Possessor

Possessor ★★★★

I killed it and mounted it one summer when I was a girl. Then I felt guilty about it. I still feel guilty about it.

Like his father, Brandon Cronenberg does not shy away from depicting viscera, gore, and blood in Possessor. Unlike his father, though, Brandon's body horror is not about artistry. There are no artfully designed mounds of pulsating flesh here, only wet, cold, grimy gore. Because Possessor wants to remind us that we are only sheets of skin stretched over lumps of meat. While that package can be frail and easily punctured, mashed, and perforated, somewhere within all that flesh is the self. Made up of memories, emotional attachments, and feelings, the self may not be any less destructible, but it is who we are, for better or worse.

The fact, then, that Cronenberg has chosen to open his film with a scenario where a white woman is controlling the body of a black woman to frame her for murder and get her shot by police cannot be ignored. Reminiscent of so many killings we have seen captured on cellphones over the last decade, there seems to be an intentional message about detachment and dehumanization at play. Tasya Vos - the aforementioned white woman - undergoes an arc over the film where she becomes more and more desensitized to the other bodies she is commandeering; she has begun to see them solely as meat. Her job has numbed her, trained her to no longer empathize, not unlike the training and inculturation of soldiers and police. That has an inverse effect, however. As her compassion for others deteriorates, so too does her sense of self. She becomes only one body inflicting pain on another body. When we are taught to view others as inhuman, we become inhuman in turn.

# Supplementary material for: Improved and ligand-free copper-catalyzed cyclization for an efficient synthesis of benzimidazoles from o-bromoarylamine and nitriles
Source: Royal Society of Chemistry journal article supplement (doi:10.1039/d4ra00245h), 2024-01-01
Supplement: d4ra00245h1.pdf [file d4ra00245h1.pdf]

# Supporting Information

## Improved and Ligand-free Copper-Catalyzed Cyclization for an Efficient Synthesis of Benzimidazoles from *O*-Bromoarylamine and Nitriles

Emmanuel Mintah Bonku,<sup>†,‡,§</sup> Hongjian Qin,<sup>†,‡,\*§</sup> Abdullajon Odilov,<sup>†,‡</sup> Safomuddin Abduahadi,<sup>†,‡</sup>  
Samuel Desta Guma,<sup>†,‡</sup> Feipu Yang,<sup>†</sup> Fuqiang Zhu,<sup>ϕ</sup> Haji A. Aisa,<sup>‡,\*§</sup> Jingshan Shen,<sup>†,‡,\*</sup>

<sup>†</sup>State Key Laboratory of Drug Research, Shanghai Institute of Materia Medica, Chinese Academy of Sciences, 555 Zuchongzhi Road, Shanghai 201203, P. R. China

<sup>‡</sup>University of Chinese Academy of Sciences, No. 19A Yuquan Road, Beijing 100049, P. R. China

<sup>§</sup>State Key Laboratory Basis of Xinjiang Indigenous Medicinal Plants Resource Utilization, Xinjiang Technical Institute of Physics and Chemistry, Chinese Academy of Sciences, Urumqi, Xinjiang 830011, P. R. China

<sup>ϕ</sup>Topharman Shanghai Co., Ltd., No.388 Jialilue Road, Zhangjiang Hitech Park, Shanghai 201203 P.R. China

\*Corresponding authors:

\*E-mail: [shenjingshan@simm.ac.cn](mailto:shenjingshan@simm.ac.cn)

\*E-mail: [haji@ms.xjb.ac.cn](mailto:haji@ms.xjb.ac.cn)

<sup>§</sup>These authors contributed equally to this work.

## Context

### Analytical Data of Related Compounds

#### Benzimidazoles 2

When Vos is brought out of her uplink, she has to be reminded of who she is by studying objects associated with formative memories. At the start, a glass box with a pinned butterfly spurs her to comment on the guilt she felt after first killing the insect. Returning to that object at the end of the film, her memory - and, thus, herself - have changed. She doesn't feel guilty anymore.

I killed it and mounted it one summer when I was a girl.

(I wouldn't be me if I didn't comment on the fact that the title is a super clever near-palindrome. It's almost a perfect mirror, but the beginning letter has changed by the end.)

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